November 18, 2012

Out on a Limb

by Steve Dollar

Rust and Bone

There are Hallmark movies of the week with fewer melodramatic deal breakers than Rust and Bone. The extreme events that more-or-less bookend the film are held in balance, though, by a miraculously sustained tension. The sixth film from French director Jacques Audiard (The Beat That My Heart Skipped, A Prophet) pulls off something sly, compelling affection for characters who are not immediately likable. Their crazy/desperate/fucked-up circumstances propel the story without lapsing into sentimentality, instead driving a flinty romance in which hopes that that the lovers beat the odds hover forever in the shadow of the next fateful instance.

Of course, it helps to start with performers as charismatic as these. Matthias Schoenaerts, trimmed down to human scale but still mighty buff from his smashing debut in Bullhead—and with plenty of leftover testosterone sloshing around, is Ali, a man at loose ends after suddenly claiming custody of his young son, whose mother has become too involved with drugs to care for him. Arriving in Antibes penniless after a journey from Belgium, Ali and the boy are taken in by his older sister and her husband, a working-class couple only a rung or two higher up a shaky economic ladder. Soon enough, ex-boxer Ali has landed the obvious gig, working as a bouncer at a cheesy disco. One night, he rescues a drunken Stéphanie (Marion Cotillard) from a harassing douchebag and drives her home. Gazing at her bare legs exposed by a short skirt, he chastises her. In return, she's brusque and snotty. Back at her place, domestic awkwardness ensues: a whiny boyfriend wants answers. Meanwhile, Ali slides her his phone number.

[Read Steve Dollar's interview with Bullhead director Michael Roskam here.]

Rust and Bone

If you know anything about this movie, you know what happens next. We see Stéphanie at her gig, leading a Speedo-garbed coed crew of whale-trainers in a dancing orca routine at a marine amusement park. No need to be coy about this. Cotillard, for me, ranks as the most beautiful actress alive. The eyes have it, and Audiard maps their emotive surface to spectacular effect throughout the film. He also knows how to stage a moment. The camera fractures movement into brief Cubist flashes, the framed tilted or swerved, brilliant sunlight glancing off the water, laying out a mosaic of sensation paced to the Southern California mall-rat thump of Katy Perry's "Firework." Then: Boom. Bad orca! Stéphanie collapses into the water when the whales flip out and is grievously injured, losing both her legs.

From here, the story becomes the matter of these two characters, both transformed and transforming, connecting with each other through a series of complications and breakthroughs that by the very end of the film wind up suggesting nothing so much as an O. Henry short story (although the film was actually knitted together out of several fictions from the eponymous collection by Canadian writer Craig Davidson, who interestingly enough once took steroids as research for his novel The Fighter, unrelated to the David O. Russell movie).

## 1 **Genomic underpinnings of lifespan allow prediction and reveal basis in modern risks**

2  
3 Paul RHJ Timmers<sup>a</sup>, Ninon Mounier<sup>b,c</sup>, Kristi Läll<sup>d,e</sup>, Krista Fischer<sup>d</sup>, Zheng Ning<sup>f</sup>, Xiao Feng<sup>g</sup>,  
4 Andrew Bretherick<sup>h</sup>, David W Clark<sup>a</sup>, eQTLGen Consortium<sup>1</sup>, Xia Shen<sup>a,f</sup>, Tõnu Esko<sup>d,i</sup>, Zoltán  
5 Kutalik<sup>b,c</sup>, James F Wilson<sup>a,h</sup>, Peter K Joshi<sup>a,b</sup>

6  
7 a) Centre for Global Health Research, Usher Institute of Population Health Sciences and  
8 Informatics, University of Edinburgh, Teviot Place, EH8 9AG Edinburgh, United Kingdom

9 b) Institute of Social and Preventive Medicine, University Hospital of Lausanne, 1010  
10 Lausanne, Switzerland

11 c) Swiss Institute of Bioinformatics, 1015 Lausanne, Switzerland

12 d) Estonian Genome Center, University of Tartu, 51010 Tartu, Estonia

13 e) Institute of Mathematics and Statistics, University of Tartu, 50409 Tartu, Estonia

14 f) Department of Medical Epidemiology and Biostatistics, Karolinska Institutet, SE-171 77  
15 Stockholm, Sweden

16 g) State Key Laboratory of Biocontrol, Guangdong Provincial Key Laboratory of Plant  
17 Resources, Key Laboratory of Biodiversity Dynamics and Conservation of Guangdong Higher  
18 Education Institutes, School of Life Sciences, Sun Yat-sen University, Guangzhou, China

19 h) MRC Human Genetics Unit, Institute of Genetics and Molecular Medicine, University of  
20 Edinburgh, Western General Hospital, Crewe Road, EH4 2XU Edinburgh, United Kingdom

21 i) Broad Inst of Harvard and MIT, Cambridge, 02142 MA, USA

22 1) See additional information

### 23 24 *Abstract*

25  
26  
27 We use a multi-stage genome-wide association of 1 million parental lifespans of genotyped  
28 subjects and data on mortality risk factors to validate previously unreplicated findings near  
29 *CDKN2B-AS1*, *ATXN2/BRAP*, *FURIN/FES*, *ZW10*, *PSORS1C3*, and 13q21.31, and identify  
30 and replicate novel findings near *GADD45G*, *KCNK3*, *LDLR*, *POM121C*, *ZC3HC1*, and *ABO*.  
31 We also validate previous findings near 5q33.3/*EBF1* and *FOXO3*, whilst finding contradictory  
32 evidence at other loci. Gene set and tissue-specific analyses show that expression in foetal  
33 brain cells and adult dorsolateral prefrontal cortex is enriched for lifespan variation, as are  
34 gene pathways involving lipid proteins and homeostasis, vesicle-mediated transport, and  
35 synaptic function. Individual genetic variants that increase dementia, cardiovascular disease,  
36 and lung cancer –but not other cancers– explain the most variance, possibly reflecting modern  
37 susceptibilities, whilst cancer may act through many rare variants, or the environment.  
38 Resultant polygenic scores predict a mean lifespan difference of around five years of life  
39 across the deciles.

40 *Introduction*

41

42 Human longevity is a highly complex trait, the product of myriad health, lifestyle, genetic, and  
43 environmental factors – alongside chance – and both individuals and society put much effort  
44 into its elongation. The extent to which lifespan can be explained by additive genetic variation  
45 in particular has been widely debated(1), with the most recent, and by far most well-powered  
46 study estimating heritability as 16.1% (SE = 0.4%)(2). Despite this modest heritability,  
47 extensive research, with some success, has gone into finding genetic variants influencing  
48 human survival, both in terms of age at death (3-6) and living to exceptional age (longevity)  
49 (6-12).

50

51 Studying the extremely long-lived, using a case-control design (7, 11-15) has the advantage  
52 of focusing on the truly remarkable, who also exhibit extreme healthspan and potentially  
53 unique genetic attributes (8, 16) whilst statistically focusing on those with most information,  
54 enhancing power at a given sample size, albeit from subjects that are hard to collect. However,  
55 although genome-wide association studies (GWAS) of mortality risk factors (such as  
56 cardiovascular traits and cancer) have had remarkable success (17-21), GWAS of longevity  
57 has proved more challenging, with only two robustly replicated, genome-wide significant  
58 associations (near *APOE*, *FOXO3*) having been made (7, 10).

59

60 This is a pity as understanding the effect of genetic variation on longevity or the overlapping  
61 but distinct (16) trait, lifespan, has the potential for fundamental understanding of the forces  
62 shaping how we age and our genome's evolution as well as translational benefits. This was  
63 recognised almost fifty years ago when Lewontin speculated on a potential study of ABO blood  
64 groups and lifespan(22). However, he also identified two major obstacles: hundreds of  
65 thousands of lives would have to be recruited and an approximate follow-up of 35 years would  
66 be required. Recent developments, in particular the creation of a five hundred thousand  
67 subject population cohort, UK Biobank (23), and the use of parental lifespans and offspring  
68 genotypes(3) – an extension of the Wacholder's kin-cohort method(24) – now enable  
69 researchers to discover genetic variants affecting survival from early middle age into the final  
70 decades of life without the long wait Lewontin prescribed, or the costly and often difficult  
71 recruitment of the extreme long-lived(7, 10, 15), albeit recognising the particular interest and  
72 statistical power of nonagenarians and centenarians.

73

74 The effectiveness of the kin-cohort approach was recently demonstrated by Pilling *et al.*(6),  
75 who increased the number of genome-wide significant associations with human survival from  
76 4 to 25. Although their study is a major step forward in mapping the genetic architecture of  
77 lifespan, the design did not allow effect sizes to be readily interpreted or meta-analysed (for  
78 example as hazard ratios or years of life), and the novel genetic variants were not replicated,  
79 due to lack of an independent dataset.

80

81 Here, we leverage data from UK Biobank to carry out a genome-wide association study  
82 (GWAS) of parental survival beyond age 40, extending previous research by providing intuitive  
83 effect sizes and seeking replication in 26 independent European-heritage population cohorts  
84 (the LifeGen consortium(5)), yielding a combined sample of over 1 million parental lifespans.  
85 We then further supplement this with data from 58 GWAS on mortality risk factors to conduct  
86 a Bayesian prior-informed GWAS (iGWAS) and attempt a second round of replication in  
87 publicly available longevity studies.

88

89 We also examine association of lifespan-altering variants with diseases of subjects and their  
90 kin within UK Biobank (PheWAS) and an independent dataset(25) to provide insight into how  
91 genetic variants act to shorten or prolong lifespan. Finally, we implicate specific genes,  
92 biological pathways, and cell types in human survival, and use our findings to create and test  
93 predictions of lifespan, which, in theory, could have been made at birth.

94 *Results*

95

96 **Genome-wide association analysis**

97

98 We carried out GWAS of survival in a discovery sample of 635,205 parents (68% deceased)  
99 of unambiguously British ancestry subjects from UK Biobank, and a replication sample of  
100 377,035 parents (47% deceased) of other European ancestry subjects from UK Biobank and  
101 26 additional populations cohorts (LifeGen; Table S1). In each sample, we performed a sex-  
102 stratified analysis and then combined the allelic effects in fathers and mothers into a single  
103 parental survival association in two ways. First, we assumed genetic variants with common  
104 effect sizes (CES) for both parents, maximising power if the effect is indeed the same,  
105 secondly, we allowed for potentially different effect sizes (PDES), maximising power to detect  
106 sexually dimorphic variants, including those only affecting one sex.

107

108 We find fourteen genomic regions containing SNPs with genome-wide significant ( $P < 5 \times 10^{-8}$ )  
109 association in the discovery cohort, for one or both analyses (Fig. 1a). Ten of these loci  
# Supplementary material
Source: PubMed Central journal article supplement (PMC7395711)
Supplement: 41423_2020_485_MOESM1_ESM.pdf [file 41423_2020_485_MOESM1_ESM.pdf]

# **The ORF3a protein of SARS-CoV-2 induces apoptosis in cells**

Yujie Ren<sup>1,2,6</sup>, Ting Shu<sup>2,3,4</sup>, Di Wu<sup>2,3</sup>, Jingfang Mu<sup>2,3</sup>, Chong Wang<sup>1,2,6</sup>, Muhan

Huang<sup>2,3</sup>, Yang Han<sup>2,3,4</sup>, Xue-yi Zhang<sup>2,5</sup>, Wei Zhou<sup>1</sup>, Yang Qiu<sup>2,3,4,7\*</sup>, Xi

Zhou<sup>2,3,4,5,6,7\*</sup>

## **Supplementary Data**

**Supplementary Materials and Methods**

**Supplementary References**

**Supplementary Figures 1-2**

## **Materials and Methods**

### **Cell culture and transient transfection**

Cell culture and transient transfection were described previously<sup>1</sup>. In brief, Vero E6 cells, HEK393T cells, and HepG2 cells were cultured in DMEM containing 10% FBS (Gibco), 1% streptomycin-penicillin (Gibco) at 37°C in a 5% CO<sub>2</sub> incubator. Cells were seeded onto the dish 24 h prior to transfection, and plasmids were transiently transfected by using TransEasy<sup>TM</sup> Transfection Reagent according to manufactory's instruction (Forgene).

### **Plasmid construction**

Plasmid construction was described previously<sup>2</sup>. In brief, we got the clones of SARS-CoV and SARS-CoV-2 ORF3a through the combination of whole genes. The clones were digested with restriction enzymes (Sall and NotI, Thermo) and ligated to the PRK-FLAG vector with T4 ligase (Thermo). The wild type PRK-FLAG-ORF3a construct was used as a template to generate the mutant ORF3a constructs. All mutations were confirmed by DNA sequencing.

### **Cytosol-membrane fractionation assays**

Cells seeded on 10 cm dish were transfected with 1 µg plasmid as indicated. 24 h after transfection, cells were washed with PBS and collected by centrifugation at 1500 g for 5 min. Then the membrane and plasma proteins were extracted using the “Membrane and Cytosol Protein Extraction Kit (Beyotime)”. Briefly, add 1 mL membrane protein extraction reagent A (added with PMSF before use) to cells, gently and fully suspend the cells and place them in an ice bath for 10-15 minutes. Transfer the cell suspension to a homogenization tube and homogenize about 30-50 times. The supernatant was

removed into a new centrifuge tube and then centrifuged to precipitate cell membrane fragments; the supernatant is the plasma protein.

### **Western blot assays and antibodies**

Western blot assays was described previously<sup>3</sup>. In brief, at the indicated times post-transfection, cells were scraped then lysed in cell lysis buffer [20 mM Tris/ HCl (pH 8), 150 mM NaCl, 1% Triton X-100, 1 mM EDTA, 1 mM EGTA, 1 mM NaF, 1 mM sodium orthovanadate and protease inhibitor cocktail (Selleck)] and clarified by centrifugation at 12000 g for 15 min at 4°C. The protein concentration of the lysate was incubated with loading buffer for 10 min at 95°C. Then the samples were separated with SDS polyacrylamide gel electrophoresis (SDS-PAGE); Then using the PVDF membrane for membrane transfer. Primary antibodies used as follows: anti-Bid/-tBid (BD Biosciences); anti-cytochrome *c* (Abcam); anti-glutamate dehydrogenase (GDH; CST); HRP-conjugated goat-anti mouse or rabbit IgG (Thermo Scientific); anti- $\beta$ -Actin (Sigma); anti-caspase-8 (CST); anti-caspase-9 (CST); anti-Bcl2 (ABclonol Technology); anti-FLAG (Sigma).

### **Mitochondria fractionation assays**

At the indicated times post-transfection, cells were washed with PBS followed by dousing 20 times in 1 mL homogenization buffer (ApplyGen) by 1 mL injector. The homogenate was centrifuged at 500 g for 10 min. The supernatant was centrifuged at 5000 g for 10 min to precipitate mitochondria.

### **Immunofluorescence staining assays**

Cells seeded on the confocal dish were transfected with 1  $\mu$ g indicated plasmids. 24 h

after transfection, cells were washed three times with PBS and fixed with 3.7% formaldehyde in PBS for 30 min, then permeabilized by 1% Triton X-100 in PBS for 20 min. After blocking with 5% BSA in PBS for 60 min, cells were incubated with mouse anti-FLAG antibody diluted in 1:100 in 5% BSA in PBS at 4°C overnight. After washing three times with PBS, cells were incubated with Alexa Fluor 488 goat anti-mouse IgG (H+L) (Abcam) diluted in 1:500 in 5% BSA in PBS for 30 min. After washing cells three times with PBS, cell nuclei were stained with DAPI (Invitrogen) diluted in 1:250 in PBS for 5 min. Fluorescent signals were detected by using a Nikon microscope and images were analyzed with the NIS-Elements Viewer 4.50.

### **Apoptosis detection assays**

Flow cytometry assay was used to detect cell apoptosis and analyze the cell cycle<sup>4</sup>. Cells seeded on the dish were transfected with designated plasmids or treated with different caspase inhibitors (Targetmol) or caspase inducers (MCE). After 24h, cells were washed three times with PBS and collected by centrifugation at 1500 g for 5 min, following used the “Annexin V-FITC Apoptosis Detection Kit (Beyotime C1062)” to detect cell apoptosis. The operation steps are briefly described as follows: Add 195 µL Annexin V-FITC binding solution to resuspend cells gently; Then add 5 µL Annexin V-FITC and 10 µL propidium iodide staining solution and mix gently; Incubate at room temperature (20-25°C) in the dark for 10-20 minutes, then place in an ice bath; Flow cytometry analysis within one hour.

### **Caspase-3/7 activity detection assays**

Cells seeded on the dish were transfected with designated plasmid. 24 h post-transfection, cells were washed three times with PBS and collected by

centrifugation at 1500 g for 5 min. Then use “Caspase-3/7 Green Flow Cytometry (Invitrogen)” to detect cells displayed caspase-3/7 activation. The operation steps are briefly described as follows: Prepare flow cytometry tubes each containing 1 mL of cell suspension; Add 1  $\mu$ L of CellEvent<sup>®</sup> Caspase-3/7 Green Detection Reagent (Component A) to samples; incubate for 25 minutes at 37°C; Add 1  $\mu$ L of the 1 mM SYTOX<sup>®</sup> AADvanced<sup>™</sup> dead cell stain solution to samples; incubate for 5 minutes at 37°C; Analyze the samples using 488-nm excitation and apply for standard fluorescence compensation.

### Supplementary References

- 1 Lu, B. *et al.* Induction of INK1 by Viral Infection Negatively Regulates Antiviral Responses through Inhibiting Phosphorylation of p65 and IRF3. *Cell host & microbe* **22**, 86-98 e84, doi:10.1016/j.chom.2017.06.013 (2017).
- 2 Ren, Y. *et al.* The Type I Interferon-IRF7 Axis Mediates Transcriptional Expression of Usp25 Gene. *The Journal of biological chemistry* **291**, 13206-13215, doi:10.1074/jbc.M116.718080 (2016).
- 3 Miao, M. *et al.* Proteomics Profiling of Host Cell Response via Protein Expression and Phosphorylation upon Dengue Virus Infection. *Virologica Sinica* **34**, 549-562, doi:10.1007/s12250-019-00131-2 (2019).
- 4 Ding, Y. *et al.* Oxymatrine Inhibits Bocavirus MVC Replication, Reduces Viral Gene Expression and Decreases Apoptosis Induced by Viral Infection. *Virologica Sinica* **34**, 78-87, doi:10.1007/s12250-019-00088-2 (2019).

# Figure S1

Rust and Bone

Stéphanie's haughtiness is replaced by a catastrophic depression. Out of the blue, she calls Ali, and the two strike up an unusual companionship. After an exasperated aside prompts a blunt offer, this turns into a sexual relationship, through which she reawakens. Schoenaerts gives the Ali the demeanor of a testicle on two legs: a bit dim to the needs of anyone but himself, yet with enough heart flickering like a bulb underneath to have a chance at a fuller consciousness.

The carnality of it all goes beyond sex into the camera's embrace of physical form. Even Cotillard's CGI-erased stems become part of that, in their absence, as Audiard makes the audience painfully aware of her character's struggle to reclaim routine movement. The flipside comes as Ali takes up underground street-fighting bouts, skull-crunching spectacles staged in grotesque detail, in which the loser is hammered into semi-conscious submission, left broken in the dirt. In one of the movie's many twists, Stéphanie goes along for the ride, watching from a nearby SUV with a mix of terror and arousal. Is she slumming or has she somehow found an arena that makes sense of her own suffering, a visceral antidote to her self-pity?

Rust and Bone

Audiard and his cinematographer Stéphane Fontaine set the film in a world of expansive visual possibility, granting absolute primacy to the poetic force of the image. Subplots outline a social commentary parallel to the love story, but those feel less necessary than the emphasis on single stirring scenes. A solitary tooth, spinning in derelict motion, knocked loose in an abstract tableaux. The curls of a woman's hair shadowed against a door frame. Stéphanie, resurrecting herself, tentatively rehearsing her hand signals in a wheelchair as the Antibes sun blasts onto a rooftop, the bubble-gum beat of "Firework" animating the scene. (That's twice with the Katy Perry already, but give Audiard credit: He changes the way you hear the song). When the movie arrives at its Hallmarkest of all Hallmark moments, Stéphanie's return visit to the marine park, standing mute before an aquarium wall to commune with a whale, even Attila the Hun would weep. Just let it go, baby. Cotillard's performance has paid for your tears in advance.



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Posted by ahillis at November 18, 2012 10:38 AM